It had seemed at the outset of awards season that Best Actor would go posthumously to Chadwick Boseman for Ma Rainey’s Black Bottom. I even referred to it a “foregone conclusion” here a month ago – oops. But it was absolutely the correct decision to give it instead, as Bafta had done, to Anthony Hopkins for his career-best performance in The Father. In another repeat of the Bafta results, Frances McDormand won Best Actress for Nomadland (her third Oscar after Fargo and Three Billboards Outside Ebbing, Missouri), while Daniel Kaluuya won Best Supporting Actor for Judas and the Black Messiah. The highlight of his Oscar acceptance speech came when he pointed out that he was only here in the first place because of his parents having sex – cut to his mother looking aghast and his sister hiding her face in her hands.

Given that the Danish director Thomas Vinterberg had featured in the Best Director category despite his comedy-drama Another Round not being a Best Picture nominee (the two traditionally go hand-in-hand), it seemed fair to assume that the film would win the Best International Feature prize. Disappointingly, that’s how it panned out. The movie is fine, with a layered performance by Mads Mikkelsen as a teacher who turns to alcohol to temper the midlife doldrums. But as a piece of cinema, it is no match for two of the other nominees, Quo Vadis, Aida? and Collective, both of which are shattering stories unflinchingly told. Feel-good won this round.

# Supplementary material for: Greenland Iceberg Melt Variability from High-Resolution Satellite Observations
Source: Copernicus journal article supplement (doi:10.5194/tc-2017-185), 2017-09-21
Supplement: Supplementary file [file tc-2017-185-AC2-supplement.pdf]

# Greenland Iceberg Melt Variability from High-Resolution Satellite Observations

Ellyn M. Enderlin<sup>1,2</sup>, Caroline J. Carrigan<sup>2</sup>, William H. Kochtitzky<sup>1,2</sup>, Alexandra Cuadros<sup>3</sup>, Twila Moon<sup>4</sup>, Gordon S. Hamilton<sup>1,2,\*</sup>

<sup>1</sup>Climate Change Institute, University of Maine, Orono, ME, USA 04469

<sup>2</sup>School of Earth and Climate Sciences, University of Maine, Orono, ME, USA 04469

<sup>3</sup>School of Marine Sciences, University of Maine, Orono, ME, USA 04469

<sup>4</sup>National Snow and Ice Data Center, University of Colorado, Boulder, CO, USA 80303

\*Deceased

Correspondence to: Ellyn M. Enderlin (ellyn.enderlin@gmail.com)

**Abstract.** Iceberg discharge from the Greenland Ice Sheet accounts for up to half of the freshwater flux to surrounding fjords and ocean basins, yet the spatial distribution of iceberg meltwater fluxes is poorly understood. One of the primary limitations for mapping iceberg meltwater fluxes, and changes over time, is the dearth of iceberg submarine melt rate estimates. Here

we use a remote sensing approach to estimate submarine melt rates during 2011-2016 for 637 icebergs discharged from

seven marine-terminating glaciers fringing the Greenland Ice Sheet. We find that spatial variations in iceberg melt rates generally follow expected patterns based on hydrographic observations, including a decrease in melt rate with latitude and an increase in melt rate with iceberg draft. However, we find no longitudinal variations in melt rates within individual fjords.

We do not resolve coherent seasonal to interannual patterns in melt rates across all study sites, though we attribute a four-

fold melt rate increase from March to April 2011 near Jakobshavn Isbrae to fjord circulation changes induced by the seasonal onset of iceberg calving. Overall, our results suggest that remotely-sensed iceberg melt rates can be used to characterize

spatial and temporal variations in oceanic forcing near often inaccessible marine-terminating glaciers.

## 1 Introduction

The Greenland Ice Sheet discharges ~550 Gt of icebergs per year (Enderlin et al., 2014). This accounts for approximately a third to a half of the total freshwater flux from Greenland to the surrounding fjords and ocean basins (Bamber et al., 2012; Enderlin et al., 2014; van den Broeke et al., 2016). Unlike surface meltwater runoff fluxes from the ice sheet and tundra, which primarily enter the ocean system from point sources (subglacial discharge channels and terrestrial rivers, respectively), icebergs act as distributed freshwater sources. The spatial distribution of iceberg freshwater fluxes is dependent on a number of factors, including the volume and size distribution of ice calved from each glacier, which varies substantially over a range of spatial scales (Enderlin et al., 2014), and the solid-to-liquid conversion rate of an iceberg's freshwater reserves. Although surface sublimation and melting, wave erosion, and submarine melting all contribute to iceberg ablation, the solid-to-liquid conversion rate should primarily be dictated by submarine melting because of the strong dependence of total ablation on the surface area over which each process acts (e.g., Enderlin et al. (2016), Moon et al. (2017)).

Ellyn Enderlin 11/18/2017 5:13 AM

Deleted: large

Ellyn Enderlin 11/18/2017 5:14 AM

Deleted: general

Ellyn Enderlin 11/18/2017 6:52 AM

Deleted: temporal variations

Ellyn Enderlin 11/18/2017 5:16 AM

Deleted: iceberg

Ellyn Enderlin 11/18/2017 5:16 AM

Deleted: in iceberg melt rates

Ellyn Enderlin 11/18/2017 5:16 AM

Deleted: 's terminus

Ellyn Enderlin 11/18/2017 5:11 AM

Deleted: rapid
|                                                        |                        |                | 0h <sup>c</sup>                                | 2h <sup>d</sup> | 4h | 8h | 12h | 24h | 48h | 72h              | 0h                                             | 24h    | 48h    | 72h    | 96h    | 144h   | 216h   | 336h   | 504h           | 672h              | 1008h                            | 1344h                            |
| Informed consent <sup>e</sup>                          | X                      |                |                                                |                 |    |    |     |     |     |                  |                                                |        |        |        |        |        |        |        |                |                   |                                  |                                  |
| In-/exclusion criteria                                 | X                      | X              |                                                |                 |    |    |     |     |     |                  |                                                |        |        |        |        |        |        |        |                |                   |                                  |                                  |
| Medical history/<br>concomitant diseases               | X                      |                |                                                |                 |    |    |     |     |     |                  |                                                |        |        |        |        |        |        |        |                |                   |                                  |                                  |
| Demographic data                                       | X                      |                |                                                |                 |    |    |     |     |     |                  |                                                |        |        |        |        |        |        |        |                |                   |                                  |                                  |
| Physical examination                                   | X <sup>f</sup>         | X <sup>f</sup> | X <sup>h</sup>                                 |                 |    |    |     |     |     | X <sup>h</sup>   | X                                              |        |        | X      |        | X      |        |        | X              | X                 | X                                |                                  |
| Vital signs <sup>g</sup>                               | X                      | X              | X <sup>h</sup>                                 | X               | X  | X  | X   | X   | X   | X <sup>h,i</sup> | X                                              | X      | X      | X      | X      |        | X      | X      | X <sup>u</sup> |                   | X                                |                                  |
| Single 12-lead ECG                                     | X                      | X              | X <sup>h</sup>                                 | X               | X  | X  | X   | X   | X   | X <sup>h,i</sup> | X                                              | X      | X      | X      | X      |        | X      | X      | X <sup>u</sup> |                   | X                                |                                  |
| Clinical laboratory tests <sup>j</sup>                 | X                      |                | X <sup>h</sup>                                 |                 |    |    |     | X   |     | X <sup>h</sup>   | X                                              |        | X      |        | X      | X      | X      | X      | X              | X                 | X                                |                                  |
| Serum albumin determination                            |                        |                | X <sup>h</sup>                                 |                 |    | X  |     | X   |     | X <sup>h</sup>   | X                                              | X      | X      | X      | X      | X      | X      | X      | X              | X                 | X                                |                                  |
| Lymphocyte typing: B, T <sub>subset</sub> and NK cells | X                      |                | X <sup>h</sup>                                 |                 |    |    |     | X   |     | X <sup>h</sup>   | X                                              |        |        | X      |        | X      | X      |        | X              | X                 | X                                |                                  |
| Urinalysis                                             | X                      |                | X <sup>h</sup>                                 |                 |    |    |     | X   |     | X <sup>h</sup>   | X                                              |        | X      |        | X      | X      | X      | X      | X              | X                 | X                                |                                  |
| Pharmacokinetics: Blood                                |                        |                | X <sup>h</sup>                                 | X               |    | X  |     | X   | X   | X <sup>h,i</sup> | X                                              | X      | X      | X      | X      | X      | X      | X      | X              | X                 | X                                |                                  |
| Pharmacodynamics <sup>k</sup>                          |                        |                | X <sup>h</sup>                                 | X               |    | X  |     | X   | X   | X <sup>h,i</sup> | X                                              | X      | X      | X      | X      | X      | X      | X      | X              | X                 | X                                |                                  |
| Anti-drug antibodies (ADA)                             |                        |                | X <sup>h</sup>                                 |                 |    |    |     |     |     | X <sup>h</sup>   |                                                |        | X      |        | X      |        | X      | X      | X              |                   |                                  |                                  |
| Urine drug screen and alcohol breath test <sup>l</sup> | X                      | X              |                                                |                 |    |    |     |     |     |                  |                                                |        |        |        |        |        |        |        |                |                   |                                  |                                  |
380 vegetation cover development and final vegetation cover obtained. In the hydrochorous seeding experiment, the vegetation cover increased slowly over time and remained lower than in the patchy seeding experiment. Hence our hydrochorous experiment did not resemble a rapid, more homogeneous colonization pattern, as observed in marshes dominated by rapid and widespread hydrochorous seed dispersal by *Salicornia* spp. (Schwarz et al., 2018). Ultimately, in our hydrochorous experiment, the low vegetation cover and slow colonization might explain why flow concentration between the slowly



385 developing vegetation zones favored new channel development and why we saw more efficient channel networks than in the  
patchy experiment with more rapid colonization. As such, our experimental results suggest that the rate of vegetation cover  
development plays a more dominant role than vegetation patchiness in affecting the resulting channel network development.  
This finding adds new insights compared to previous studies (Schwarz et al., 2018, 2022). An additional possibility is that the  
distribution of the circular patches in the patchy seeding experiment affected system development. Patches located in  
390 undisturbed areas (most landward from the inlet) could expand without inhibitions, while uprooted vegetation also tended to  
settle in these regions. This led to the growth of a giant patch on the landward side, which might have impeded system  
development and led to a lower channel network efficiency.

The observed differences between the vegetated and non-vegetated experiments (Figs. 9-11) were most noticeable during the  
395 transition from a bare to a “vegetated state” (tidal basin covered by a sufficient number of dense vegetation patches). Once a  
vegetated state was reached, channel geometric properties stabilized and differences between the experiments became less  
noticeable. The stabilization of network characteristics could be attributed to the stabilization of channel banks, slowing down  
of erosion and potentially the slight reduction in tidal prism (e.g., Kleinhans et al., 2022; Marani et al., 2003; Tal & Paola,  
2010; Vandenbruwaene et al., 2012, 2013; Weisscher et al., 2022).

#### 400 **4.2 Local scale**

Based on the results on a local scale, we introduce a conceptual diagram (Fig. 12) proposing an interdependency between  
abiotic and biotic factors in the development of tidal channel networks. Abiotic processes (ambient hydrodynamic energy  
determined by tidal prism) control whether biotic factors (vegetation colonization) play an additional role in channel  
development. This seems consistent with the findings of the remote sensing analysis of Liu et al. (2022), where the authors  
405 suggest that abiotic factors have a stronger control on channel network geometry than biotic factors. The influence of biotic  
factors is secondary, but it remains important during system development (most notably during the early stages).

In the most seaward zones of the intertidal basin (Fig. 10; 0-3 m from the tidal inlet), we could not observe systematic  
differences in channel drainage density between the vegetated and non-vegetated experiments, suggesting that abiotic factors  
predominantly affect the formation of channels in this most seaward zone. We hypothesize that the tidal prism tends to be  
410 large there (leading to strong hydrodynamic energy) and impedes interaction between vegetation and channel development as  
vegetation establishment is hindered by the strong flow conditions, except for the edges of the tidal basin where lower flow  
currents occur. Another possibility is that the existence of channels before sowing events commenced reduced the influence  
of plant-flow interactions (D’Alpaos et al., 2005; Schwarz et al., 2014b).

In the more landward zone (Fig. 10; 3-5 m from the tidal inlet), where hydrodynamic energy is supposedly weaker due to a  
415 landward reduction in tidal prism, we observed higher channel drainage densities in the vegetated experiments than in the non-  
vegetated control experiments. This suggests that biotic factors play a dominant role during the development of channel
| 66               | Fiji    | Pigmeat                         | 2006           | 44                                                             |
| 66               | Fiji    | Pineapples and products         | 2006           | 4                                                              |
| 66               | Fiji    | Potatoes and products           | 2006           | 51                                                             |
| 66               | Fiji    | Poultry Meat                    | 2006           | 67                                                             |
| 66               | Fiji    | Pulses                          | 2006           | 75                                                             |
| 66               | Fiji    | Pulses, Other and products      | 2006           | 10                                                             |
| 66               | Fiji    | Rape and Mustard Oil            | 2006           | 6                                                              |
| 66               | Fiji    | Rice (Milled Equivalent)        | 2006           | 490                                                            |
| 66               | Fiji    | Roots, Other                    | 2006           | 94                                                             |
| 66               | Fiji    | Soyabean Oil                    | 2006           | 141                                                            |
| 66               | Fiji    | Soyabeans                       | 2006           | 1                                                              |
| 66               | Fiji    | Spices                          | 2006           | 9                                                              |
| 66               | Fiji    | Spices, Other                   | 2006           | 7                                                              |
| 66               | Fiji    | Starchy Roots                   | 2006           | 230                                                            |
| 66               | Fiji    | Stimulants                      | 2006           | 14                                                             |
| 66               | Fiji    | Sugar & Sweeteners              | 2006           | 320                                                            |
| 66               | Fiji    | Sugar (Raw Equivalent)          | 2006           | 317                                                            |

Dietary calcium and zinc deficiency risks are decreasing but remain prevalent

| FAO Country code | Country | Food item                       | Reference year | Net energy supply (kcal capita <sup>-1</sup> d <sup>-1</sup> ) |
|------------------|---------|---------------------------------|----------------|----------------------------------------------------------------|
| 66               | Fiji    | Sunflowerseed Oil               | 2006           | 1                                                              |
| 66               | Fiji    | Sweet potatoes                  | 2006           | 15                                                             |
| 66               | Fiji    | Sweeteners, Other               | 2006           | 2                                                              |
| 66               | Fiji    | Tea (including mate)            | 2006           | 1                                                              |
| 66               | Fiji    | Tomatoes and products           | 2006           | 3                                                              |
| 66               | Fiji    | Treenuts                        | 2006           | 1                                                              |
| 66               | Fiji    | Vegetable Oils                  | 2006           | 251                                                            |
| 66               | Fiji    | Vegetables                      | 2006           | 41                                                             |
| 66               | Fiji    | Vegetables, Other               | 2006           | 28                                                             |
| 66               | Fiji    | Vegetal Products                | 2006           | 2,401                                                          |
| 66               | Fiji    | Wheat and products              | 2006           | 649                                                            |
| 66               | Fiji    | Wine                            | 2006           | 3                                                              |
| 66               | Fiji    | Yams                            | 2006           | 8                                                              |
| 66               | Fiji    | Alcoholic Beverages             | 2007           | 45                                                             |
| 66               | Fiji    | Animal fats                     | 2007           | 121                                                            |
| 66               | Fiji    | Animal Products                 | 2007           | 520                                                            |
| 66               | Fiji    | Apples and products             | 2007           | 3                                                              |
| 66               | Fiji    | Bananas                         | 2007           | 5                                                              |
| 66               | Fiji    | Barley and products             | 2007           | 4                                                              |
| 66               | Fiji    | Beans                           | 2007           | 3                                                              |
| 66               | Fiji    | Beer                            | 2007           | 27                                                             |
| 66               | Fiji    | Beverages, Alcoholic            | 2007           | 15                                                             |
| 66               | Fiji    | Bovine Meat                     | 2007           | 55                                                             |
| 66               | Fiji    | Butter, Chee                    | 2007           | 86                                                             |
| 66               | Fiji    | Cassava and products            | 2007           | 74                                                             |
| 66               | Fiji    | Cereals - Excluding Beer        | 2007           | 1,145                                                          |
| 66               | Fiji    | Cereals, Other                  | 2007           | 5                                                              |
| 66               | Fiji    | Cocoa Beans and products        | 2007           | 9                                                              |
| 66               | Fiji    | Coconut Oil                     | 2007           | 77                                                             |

There were three superb films and one discouraging dud in the Best Documentary Feature category (I haven’t seen the fifth title, The Mole Agent). Guess what? The dud won. My Octopus Teacher, the story of the diver Craig Foster and his emotional connection to a mollusc, shovels its sentimental homilies down the viewer’s throat in practically every shot, accompanied by a score as slick and corrosive as an oil spill. That My Octopus Teacher beat Collective, Crip Camp and Time should be a cause of consternation to anyone who cares about innovation in documentary. Feel-good strikes again.